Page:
I’m enjoying the show! and I wish the show makers good luck. I personally would have taken on another project, being this one is a classic, and has been done many times before. …there are so many great stories out there that are new and untouched by the possibilities of film adaptation.

  10. P. Chato says:

    Don’t understand the naysayers. Thoroughly enjoyed the ‘new’ Anne. You need to take your finger out of your assumptions and loosen up. The person who did not like the slow pacing needs to watch fewer Michael Bay movies.

  11. Juliette Fortinier says:

    Very disappointing. If the producers’ intent was to stray as far from the original as possible, yet throw a few bones to existing fans, then they succeeded, much to my dismay. Lucy M’s characters are timeless and ours for posterity. Giving them a modern flare is an epic fail. C’mon…Billy Andrews goading Gilbert with the words, “what’s your problem, bud?” Seriously? The modern colloquialism holds no place in an Avonlea script, nor does the ‘dark edginess’ force fed into the story line. People who have never opened the books or saw the original (which stayed as close to the story as written) will never appreciate the beauty of what was written AS it was written. Shame. As for me, I hope the series is as big a flop with critics and the powers that be as it was for me.

    • Jenny says:

      The term “buddy” is an American word that comes from the mid 19th century. It’s not a modern word.

  12. C. Burke says:

    I’m not sure if the reviewer and I watched the same show… I only made it through the first episode, to be honest, because I just couldn’t take any more.

    The pacing is glacial, the dialog is stilted, and I’m having a hard time understanding why anyone would be in any way taken with Anne (her unique trait as a character is supposed to be that people can’t help but like her, even when they don’t want to), whom they have basically characterized as having PTSD, and who comes across as a terrified rabbit of a girl, who actually expects the worst from life, and whose imagination isn’t something she revels in, or uses to help make her circumstances more bearable, but something she desperately clings to as a psychological life raft.

    In fact, there’s nothing to like about any of the characters so far (well, given that we’ve only met Anne, Matthew, Marilla, and Rachel… And a reminder: WE’RE AN HOUR IN), not even Matthew, who is basically a blank slate. There’s “quiet, shy, reserved,” and then there’s “absolutely nothing there.” Richard Farnsworth gave far more life to that character, while saying just as few words.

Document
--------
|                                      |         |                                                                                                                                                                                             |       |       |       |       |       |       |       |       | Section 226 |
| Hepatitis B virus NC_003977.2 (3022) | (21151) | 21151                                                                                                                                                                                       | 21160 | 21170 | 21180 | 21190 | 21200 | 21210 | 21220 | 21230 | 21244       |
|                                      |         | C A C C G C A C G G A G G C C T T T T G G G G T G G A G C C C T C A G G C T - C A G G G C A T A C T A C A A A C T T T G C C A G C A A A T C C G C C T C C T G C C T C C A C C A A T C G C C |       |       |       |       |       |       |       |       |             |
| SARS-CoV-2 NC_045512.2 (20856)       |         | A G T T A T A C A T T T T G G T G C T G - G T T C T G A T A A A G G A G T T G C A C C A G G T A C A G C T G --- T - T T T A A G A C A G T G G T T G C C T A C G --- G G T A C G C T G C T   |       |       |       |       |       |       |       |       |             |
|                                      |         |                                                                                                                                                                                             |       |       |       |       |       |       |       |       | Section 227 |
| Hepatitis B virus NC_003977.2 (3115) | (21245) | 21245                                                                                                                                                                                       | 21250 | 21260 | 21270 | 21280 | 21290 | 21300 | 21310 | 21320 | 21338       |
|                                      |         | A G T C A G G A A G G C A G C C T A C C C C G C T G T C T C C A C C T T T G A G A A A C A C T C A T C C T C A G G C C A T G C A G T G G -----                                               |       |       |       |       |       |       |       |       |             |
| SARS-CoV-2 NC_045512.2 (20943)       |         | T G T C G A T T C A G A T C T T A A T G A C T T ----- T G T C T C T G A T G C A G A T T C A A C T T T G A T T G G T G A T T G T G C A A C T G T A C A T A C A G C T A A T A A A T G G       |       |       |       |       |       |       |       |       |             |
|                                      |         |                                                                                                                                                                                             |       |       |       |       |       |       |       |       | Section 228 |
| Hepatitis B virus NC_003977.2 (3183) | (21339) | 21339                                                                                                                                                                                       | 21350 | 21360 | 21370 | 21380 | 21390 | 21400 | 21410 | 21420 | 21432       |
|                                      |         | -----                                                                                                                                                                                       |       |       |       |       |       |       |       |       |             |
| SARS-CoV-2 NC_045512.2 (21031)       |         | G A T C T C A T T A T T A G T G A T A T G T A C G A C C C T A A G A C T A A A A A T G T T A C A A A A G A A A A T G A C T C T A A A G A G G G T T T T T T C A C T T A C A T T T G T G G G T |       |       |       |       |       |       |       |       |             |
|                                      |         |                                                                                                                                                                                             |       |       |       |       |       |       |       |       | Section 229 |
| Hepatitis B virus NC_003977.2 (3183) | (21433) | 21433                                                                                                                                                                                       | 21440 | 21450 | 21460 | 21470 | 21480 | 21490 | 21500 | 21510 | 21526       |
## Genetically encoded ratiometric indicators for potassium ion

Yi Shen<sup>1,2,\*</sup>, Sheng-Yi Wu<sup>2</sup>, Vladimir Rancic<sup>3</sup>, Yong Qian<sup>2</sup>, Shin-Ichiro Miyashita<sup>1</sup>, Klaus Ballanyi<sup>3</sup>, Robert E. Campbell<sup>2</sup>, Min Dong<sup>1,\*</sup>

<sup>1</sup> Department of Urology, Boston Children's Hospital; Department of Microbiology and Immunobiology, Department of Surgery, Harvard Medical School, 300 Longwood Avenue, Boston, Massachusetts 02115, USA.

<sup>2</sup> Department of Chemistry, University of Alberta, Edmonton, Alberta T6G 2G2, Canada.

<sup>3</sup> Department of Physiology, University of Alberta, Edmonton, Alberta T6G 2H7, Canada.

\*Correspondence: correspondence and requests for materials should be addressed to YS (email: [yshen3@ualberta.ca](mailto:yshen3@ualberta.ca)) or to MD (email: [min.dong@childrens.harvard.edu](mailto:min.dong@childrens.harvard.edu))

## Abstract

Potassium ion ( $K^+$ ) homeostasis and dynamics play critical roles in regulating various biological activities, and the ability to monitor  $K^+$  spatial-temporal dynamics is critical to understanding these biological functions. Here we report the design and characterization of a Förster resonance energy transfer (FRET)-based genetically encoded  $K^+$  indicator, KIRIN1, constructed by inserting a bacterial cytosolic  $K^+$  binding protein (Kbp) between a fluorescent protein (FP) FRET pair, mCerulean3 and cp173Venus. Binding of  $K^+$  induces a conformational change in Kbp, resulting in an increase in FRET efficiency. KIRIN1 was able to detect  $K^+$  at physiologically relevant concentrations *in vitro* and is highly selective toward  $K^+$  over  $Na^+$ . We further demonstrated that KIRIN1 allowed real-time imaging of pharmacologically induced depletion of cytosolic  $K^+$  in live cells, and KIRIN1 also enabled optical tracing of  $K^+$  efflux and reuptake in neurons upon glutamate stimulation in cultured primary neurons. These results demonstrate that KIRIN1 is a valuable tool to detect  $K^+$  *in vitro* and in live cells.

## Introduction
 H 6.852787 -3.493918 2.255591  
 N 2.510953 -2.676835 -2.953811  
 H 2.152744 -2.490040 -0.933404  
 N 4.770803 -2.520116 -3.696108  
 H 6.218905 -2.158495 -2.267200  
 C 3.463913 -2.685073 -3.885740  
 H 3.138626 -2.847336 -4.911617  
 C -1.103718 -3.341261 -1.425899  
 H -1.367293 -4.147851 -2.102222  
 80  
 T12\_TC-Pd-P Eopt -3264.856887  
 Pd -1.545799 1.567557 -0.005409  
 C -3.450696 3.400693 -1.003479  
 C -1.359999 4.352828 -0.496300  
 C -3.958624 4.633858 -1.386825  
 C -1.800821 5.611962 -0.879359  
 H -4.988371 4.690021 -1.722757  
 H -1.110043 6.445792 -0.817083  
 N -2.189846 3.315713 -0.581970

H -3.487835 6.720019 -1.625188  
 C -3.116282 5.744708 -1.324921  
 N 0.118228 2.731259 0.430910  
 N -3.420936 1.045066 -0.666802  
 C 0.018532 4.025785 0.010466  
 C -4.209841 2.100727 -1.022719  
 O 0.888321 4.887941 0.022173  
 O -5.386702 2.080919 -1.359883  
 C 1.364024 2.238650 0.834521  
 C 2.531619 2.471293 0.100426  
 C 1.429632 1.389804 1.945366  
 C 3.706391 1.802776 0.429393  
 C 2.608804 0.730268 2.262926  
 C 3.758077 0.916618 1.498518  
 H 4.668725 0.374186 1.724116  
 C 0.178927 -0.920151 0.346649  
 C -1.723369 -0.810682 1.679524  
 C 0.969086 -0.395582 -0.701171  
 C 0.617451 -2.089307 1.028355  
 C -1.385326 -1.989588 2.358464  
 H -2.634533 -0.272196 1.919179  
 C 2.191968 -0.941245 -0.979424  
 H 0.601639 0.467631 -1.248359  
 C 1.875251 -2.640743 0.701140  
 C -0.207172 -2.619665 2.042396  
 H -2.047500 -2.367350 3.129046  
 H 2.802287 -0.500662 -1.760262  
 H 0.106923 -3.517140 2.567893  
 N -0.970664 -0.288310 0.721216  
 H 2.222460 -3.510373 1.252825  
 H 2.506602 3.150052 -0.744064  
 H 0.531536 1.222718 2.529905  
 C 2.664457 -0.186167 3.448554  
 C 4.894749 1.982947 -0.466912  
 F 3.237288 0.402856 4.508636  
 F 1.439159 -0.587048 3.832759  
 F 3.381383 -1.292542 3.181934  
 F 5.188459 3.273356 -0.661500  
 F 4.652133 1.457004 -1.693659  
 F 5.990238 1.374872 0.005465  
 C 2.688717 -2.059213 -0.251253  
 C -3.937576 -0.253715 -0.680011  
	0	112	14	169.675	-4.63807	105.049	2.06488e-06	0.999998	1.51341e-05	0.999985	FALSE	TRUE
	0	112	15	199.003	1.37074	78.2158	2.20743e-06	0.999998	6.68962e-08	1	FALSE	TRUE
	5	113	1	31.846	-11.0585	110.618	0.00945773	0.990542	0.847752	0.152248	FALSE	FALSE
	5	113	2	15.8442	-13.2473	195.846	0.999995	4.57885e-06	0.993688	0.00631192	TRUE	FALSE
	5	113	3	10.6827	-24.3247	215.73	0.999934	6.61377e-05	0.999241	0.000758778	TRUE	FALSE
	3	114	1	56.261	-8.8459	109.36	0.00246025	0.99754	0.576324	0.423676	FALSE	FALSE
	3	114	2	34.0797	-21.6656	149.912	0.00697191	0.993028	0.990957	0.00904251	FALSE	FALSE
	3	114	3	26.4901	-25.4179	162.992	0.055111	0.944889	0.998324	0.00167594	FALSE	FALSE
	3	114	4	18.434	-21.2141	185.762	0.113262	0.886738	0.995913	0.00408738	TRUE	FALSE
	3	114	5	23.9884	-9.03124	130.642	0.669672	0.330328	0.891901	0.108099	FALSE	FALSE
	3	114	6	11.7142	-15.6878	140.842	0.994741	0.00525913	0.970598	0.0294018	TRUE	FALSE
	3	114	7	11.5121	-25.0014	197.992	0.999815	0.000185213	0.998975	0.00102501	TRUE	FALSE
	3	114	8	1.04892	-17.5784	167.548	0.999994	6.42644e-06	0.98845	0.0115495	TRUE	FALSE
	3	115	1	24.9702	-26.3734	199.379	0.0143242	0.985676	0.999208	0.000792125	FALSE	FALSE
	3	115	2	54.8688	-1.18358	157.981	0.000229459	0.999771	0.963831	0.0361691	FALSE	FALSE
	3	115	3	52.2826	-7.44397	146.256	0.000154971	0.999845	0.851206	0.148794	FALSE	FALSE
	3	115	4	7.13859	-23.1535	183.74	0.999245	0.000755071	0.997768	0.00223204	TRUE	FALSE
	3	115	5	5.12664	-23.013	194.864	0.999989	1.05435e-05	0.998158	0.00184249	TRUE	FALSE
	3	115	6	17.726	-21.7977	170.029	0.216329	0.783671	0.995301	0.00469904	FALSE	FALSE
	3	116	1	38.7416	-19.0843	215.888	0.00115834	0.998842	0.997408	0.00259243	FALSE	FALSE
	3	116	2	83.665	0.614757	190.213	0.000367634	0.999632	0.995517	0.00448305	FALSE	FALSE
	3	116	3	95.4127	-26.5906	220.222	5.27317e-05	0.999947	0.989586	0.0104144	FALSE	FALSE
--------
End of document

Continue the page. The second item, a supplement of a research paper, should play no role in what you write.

Bottom Line: Utterly charmless.

  13. Joan Sutton says:

    Absolutely loved it. Marilla was also an especially moving portrayal. but all the actors were great and of course most outstandingly, the wonderful Anne.

  14. Alicia says:

    This review was clearly not written by someone who has read the books or watched more than the first episode of the television series. Seems a shame they were nevertheless forced to write this article.

  15. Michael Wuertz says:

    Did we really need the pun about global warming. I mean REALLY no more pleasssse

  16. Iain says:

    Kind of an ‘”Anne” for our times’ eh? Which is another way of saying, not an “Anne” for all time.

    So. Ya no. Sticking with the Sullivan film.

  17. cherivey says:

    Casting of this production is very disappointing . While the Cuthbert characters were performed extremely well , the lack of acting skills of the main character left me detached from the character Anne and the actress would be better suited for stage work . Over acting overshadows Anne’s character development . Too bad this one is a miss. There was wonderful scenery and a couple of good performances , just not enough to keep my interest .

    • Michael Wuertz says:

      I think Amybeth was like a spring time rain I thoroughly enjoyed her performance.

    • Ophelia says:

      I completely agree, I felt the actress playing Anne was trying to hard. I’ll stick with the original.

      • Jackie hall says:

        I love, love Anne with an E. The characters are wonderful. I love especially Amy Manulty, the Maine character. This is my favorite of all of the adaptations of Anne of Green Gables

      • Ray says:

        I agree, it feels like I’m watching a middle school performance. It doesn’t seem natural. This new Anne hasn’t won me over.